import javax.xml.bind.annotation.XmlAccessType;
import javax.xml.bind.annotation.XmlAttribute;
import javax.xml.bind.annotation.XmlID;
import javax.xml.bind.annotation.XmlIDREF;
import javax.xml.bind.annotation.XmlList;

@XmlAccessorType(XmlAccessType.FIELD)
public class Employee {

    @XmlID
    @XmlAttribute
    private String id;

    @XmlAttribute
    private String name;

    @XmlIDREF
    private Employee manager;

    @XmlIDREF
    @XmlList
    private List<Employee> reports;

    public Employee() {
        reports = new ArrayList<Employee>();
    }

}

Which would produce the following XML:

<company>
   <employee id="1" name="Jane Doe">
      <reports>2 3</reports>
   </employee>
   <employee id="2" name="John Smith">
      <manager>1</manager>
   </employee>
   <employee id="3" name="Anne Jones">
      <manager>1</manager>
   </employee>
</company>

5 comments:

  1. Dear, Mr. Blaise Doughan.
    I just wrote an entry based on this blog about JPA/JAXB mixup.
    Can you please review that?
    http://jinahya.wordpress.com/2012/03/09/using-xmlid-and-xmlidref-in-jaxb-for-self-referencing-relationships/

    ReplyDelete
    Replies
    1. Hi Jin,

      For that use case I would recommend using an XmlAdapter instead of the events:
      - http://stackoverflow.com/a/9633097/383861

      -Blaise

      Delete
  2. Hi Blaise,

    I have two classes which is related to each other in this way.

    class User {
    int id;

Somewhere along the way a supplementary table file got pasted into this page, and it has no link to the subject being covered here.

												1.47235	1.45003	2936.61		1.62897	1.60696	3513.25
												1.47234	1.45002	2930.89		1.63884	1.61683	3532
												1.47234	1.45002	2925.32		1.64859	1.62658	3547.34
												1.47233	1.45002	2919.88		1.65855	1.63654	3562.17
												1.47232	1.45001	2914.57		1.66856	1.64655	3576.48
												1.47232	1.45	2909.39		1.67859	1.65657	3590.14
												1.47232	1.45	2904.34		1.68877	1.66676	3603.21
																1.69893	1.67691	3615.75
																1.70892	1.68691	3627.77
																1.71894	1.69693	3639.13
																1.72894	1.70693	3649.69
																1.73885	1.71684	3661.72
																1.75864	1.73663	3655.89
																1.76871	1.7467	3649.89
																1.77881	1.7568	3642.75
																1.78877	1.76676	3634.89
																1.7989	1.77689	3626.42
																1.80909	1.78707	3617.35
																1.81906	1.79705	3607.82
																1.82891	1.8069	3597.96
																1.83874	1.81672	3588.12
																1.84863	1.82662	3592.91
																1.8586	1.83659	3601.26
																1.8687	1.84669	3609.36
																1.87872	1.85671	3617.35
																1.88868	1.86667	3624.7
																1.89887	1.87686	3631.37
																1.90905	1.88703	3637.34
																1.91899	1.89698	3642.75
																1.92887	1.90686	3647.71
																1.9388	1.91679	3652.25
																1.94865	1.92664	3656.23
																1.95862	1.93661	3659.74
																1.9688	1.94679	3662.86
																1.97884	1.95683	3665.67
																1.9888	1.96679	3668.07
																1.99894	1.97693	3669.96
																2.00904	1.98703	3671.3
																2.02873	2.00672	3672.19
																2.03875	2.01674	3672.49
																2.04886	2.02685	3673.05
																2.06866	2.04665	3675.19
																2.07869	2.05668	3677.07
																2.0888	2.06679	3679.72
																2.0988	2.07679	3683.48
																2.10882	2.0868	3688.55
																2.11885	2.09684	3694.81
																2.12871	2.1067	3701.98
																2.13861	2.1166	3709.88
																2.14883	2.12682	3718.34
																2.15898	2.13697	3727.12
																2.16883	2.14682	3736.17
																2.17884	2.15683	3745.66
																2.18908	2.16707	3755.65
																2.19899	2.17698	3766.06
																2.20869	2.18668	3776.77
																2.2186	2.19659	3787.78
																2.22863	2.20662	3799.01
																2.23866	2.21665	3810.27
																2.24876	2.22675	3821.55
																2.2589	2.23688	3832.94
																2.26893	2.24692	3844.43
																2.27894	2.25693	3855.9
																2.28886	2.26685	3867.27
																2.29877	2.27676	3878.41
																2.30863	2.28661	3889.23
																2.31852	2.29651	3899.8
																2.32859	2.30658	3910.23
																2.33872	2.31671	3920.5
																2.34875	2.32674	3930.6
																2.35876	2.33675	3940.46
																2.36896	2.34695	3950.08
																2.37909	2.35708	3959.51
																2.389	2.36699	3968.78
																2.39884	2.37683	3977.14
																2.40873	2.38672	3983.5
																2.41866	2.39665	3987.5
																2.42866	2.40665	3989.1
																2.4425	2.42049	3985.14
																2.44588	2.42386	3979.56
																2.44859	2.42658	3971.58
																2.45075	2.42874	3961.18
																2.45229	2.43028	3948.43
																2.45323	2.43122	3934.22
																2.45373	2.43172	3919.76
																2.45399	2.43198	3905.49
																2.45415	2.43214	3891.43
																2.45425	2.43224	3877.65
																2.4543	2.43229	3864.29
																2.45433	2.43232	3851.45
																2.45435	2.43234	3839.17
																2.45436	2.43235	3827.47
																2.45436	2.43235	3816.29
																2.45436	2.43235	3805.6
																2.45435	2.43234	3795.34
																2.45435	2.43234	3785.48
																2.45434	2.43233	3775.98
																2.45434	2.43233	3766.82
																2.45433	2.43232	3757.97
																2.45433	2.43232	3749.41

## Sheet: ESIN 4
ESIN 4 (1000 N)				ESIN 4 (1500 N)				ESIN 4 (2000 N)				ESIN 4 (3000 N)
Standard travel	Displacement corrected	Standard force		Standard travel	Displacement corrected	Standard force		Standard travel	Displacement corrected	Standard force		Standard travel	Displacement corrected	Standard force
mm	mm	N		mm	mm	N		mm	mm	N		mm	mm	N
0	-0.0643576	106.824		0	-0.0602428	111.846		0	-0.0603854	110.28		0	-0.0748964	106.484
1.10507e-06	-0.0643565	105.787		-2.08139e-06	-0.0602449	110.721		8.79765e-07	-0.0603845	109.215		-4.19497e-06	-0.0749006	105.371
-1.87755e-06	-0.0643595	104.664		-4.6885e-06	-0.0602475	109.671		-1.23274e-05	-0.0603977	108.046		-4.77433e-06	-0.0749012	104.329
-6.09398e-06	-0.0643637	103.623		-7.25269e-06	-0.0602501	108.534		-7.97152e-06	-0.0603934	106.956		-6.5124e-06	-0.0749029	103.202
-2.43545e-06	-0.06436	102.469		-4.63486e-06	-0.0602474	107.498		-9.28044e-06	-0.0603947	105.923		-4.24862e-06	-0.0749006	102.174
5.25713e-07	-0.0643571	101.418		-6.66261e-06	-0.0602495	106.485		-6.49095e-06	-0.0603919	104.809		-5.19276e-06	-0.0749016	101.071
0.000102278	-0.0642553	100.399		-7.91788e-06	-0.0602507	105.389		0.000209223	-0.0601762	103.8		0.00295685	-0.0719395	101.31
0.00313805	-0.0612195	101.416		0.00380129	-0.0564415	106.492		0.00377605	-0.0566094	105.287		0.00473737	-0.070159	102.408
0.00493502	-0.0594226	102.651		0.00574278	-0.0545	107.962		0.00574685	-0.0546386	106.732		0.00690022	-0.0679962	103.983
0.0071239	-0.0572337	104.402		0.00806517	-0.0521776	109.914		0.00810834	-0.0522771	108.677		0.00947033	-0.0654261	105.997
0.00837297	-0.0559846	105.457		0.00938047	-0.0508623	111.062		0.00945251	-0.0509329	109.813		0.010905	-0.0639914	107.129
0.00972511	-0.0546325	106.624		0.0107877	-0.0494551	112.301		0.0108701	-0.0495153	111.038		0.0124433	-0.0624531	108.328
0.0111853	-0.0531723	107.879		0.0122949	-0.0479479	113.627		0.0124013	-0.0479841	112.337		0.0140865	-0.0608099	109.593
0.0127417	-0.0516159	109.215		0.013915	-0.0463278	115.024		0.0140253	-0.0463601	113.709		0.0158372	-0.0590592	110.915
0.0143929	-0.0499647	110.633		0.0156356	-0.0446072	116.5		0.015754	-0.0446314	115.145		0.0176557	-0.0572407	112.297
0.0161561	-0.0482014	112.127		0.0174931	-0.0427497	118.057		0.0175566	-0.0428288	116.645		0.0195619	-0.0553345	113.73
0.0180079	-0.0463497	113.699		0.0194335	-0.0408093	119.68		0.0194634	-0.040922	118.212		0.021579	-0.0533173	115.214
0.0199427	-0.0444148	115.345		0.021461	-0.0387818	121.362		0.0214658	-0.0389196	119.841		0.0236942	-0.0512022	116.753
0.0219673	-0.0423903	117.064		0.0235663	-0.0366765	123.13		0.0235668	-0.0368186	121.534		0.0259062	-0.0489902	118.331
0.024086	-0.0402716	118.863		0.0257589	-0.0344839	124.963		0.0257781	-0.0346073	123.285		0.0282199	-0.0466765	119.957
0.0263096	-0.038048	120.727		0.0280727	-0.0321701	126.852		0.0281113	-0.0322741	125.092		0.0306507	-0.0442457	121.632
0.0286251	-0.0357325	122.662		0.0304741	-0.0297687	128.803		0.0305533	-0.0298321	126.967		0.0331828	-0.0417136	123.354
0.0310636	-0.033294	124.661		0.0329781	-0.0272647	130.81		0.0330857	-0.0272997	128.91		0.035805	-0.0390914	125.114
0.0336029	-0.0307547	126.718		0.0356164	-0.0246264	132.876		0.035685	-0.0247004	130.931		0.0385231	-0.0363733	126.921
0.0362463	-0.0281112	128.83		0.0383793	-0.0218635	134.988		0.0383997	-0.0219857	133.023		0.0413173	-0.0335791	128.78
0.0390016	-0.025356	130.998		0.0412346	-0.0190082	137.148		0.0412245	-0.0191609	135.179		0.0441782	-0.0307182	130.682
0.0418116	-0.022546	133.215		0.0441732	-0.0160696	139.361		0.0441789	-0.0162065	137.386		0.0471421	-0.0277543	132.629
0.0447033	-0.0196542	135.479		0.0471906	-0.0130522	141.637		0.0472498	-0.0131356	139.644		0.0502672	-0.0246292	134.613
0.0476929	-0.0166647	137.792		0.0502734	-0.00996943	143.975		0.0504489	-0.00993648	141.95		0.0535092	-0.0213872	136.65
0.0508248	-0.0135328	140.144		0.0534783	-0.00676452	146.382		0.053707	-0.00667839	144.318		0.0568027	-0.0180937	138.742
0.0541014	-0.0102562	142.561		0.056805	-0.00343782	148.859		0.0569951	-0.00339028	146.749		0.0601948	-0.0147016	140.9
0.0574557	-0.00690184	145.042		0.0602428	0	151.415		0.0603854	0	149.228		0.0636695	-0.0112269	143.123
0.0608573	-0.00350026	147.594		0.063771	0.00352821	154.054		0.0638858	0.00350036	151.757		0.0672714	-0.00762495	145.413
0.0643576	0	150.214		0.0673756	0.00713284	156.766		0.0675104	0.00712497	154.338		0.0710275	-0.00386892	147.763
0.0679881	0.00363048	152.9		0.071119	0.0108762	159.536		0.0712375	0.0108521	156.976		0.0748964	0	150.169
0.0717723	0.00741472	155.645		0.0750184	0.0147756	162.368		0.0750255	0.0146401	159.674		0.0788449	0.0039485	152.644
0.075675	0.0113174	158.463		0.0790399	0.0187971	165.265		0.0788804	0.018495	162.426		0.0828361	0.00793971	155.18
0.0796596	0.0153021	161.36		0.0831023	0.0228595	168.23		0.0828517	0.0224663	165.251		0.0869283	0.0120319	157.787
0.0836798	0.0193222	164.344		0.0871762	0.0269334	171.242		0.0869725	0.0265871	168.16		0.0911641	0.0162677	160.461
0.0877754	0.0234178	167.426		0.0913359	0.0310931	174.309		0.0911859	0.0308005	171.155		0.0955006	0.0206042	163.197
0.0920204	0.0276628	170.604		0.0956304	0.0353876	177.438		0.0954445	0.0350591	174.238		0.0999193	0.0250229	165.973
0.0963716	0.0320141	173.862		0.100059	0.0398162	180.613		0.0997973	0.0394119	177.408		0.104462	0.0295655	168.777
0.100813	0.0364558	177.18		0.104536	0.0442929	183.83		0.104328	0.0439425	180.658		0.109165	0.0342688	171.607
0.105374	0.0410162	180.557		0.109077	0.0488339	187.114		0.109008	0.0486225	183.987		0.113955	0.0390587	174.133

Set usrgrp;
    }

    Class UserGroup {
    int id;
    Set usr;
    }

    My actual issue is I am trying to marshal/unmarshal these two classes and that was resulting in cyclic object graph. I do not want to use eclipseLink annotations, I want to do it using JPA and java annotations.

    Currently I tried to use the @XmlID, @XmlIDRef and created a IAdapter class to convert the int to String and back, On this line
    http://stackoverflow.com/questions/12914382/marshalling-unmarshalling-fields-to-tag-with-attributes-using-jaxb

    Now I am getting the folowing error...
    Adapter entities.tr.utils.IDAdapter is not applicable to the field type int.
    this problem is related to the following location:
    at @javax.xml.bind.annotation.adapters.XmlJavaTypeAdapter(type=class javax.xml.bind.annotation.adapters.XmlJavaTypeAdapter$DEFAULT, value=class entities.tr.utils.IDAdapter)
    at private int entities.tr.user.User.id
    at entities.tr.user.User
    at private java.util.Set entities.tr.user.UserGroup.usr
    at entities.tr.user.UserGroup

    Please help me to find the solution of this. Without using the eclipse link annotations.

    ReplyDelete
    Replies
    1. Hi,

      You will need to change int to Integer in order to apply an XmlAdapter to it. If you use EclipseLink JAXB (MOXy) as your JAXB (JSR-222) provider then you can use @XmlID on a non-String field/property.

      -Blaise

      Delete
  3. Hi Blaise,

    Instead of using annotations to manage the report references; I'm trying to use an external XML mapping. The problem; the XmlIdRef is not used properly and the list of reports are not produced.

    Here is the XML mapping.

    <?xml version="1.0"?>
    <xml-bindings xmlns="http://www.eclipse.org/eclipselink/xsds/persistence/oxm"
    xmlns:xsi="http://www.w3.org/2001/XMLSchema-instance"
    xsi:schemaLocation="http://www.eclipse.org/eclipselink/xsds/persistence/oxm http://www.eclipse.org/eclipselink/xsds/eclipselink_oxm_2_4.xsd"
    package-name="test">

    <java-types>
    <java-type name="Employee">
    <java-attributes>
    <xml-attribute java-attribute="id" xml-id="true" />

    <!--xml-element java-attribute="reports" name="report" type="test.Employee" xml-idref="true" / -->
    <xml-elements java-attribute="reports" xml-idref="true">
    <xml-element type="test.Employee" name="report" />
    </xml-elements>
    </java-attributes>
    </java-type>

    </java-types>
    </xml-bindings>

    If I add @XmlIDREF to the list of reports then it's fine... The idea was to remove all the javax.xml and eclipselink annotations for my JPA objects.

    Cheers,
    Ced.

    ReplyDelete